In the Gulf Arab states, top-down policies are encouraging women to join the workforce and increase their visibility in the public sphere. Workforce nationalization policies rely on women’s participation to succeed, and state rulers are recognizing that they cannot overlook their female citizenry in crafting social and economic policies. Yet, even as women are urged to pursue higher education and career opportunities, they continue to face barriers to full participation in public life.
Legal norms and restrictive gender policies are holding women back from joining the workforce. Moreover, even as more women-friendly laws and policies are introduced, social and religious norms remain a major barrier to women’s public engagement. Without greater reform to state policies and more effective implementation, alongside the transformation of patriarchal social norms, the state’s gendered expectations for women to pursue careers and contribute to their nations’ economic and social development will remain in tension with political and social norms that require women to fulfill traditional roles.
Telling women in the Gulf they can “have it all” is an old trope that does not align with the realities of their professional or private lives. In order for more women to join the workforce, state support for working women must go beyond rhetoric and symbolic reform and it must be accompanied by support at home.
The Gender Gap in Education and the Workforce
Education rates for women in the Gulf are the highest in the Arab world. Women in all of the Gulf countries surpass men in higher education enrollment. In Qatar, women’s enrollment is over twice as high as that of men. In the United Arab Emirates (UAE), women make up 70 percent of all university graduates.
Since the first discovery of oil in the Gulf region in the 1930s, increased wealth and rapid development have resulted in greater educational opportunities for women.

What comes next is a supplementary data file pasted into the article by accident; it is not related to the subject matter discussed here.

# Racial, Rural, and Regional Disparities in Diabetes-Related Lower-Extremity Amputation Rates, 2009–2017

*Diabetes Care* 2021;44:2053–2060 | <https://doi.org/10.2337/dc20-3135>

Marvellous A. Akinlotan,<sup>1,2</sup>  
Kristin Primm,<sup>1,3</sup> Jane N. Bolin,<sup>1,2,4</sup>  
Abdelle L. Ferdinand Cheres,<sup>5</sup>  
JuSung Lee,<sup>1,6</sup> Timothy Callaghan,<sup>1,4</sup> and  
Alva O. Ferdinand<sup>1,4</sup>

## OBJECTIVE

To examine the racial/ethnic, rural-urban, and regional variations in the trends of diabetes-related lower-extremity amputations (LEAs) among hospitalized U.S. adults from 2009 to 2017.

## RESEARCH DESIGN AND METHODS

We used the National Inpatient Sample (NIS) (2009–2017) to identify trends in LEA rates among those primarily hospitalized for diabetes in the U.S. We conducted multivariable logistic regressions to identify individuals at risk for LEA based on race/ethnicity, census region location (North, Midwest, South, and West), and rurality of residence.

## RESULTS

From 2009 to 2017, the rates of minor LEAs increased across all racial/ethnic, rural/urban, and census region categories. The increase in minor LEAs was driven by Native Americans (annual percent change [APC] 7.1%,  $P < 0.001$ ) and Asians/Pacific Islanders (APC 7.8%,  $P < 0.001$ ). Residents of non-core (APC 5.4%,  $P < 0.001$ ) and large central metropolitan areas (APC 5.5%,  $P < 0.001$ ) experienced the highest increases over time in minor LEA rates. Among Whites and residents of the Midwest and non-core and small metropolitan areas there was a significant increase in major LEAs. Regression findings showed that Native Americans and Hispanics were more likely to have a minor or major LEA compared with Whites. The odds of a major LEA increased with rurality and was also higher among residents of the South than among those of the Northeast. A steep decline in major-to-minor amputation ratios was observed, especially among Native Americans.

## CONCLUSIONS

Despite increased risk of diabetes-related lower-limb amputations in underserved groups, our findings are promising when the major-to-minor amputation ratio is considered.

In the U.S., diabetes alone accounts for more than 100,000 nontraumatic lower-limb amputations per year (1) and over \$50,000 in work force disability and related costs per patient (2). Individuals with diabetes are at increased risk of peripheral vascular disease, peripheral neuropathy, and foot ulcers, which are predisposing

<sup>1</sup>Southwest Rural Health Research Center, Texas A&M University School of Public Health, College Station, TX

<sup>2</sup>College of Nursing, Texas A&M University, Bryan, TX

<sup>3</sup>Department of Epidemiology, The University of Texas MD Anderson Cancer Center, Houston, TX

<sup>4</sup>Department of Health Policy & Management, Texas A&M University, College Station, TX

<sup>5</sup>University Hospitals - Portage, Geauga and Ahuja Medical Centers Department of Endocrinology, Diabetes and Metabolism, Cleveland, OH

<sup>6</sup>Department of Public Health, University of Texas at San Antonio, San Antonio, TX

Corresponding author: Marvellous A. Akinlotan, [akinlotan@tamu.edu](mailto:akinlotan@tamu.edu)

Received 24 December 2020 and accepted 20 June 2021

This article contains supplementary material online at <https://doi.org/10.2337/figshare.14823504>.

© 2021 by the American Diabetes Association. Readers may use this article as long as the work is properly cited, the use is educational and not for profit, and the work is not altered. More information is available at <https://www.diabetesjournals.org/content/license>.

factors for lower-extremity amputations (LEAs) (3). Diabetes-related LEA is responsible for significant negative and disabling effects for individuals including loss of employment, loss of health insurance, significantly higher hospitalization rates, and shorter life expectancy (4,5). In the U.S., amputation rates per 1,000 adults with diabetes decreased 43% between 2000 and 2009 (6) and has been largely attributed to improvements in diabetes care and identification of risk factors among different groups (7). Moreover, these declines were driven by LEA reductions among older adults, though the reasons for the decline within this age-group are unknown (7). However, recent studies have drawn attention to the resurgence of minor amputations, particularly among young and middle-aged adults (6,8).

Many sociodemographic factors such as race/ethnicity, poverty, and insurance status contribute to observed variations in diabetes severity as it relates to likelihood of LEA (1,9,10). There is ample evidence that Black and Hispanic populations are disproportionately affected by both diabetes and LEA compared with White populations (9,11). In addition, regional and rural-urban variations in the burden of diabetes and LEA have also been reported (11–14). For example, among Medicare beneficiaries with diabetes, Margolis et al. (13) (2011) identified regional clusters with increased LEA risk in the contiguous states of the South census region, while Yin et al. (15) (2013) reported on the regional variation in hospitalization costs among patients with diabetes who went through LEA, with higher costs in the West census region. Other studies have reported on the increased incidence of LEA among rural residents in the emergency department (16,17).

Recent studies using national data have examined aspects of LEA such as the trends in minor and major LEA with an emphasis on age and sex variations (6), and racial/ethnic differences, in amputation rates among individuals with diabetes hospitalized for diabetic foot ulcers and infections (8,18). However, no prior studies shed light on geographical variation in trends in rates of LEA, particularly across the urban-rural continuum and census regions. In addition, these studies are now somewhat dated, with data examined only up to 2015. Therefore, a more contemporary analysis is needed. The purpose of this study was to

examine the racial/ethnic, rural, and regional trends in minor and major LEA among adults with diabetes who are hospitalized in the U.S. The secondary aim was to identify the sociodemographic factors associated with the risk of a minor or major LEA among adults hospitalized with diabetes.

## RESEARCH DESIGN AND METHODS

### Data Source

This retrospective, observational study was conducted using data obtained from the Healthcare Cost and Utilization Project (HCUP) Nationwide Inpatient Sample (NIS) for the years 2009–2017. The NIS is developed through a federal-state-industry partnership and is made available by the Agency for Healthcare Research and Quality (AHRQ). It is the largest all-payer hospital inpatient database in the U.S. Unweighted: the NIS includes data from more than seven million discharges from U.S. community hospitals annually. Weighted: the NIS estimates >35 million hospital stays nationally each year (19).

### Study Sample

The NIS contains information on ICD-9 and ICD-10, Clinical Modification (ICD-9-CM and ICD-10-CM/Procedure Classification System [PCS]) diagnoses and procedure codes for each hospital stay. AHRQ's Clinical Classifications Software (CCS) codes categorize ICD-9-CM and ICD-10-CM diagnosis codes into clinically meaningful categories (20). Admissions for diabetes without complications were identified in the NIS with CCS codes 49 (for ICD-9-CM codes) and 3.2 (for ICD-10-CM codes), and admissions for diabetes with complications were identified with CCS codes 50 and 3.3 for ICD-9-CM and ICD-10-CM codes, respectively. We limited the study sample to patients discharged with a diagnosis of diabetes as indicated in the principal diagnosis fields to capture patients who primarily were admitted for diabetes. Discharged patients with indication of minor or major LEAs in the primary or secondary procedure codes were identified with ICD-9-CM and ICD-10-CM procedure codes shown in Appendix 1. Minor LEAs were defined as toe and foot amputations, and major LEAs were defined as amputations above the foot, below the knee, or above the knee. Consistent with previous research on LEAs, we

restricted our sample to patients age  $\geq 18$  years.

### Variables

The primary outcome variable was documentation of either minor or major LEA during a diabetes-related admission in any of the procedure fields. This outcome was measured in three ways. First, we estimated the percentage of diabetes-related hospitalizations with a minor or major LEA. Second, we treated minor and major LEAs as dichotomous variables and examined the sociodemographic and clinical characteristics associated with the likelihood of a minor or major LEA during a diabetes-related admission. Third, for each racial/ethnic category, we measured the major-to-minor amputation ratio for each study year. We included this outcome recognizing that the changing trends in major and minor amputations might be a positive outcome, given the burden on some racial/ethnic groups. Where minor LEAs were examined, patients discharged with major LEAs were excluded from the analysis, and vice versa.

Since the first discovery of oil in the Gulf region in the 1930s, increased wealth and rapid development have resulted in greater educational opportunities for women. In recent years, women have witnessed a rise in opportunities to pursue higher education in particular. Branch campuses of well-known western institutions of higher education, like New York University and Georgetown, have popped up in the UAE and in Qatar’s Education City as an important component of initiatives to transition to a knowledge-based economy. Saudi Arabia founded an all-women university in 2010 to give women better access to studying in male-dominated fields like medicine and computer science.
Yet in the Gulf Cooperation Council countries, there remains a gap in women’s high levels of education and their workforce participation. Women’s presence in the labor force lags behind that of men, with female labor participation rates as low as 22 percent in Saudi Arabia compared to 78 percent for men. Rates of female labor force participation are higher in the UAE and Qatar at around 52 and 57 percent, respectively. It is important to note that these numbers include working non-nationals as well as nationals. Figures from Qatar’s Planning and Statistics Authority indicate that while women’s labor force participation in Qatar was around 58 percent in 2018, the rate for Qatari women was only around 37 percent, with Qatari women comprising only two percent of the total workforce.
It is clear that despite high levels of education, women in the Gulf are not entering the workforce at the same rate as men. Fortunately, governments in the region have begun to address the gender gap in the workforce through political policies and agendas.
Workforce Initiatives Target Women
Gulf state policies aim to increase female citizens’ participation in the workforce largely to fulfill economic and social development goals and to decrease dependence on a foreign labor force. In the context of rapid development, these states have relied heavily on the low-wage labor of migrant workers for their development projects. Oil wealth has also drawn large numbers of western professionals to pursue employment opportunities in the Gulf. To mitigate the economic and social consequences of influxes of foreign workers, Gulf rulers have implemented workforce nationalization policies with the goal of transitioning toward higher levels of national workforce participation. Qatar and the UAE face the additional challenge of minority national populations, with Qataris and Emiratis only comprising 10.5 percent and 11.6 percent of their states’ populations, respectively.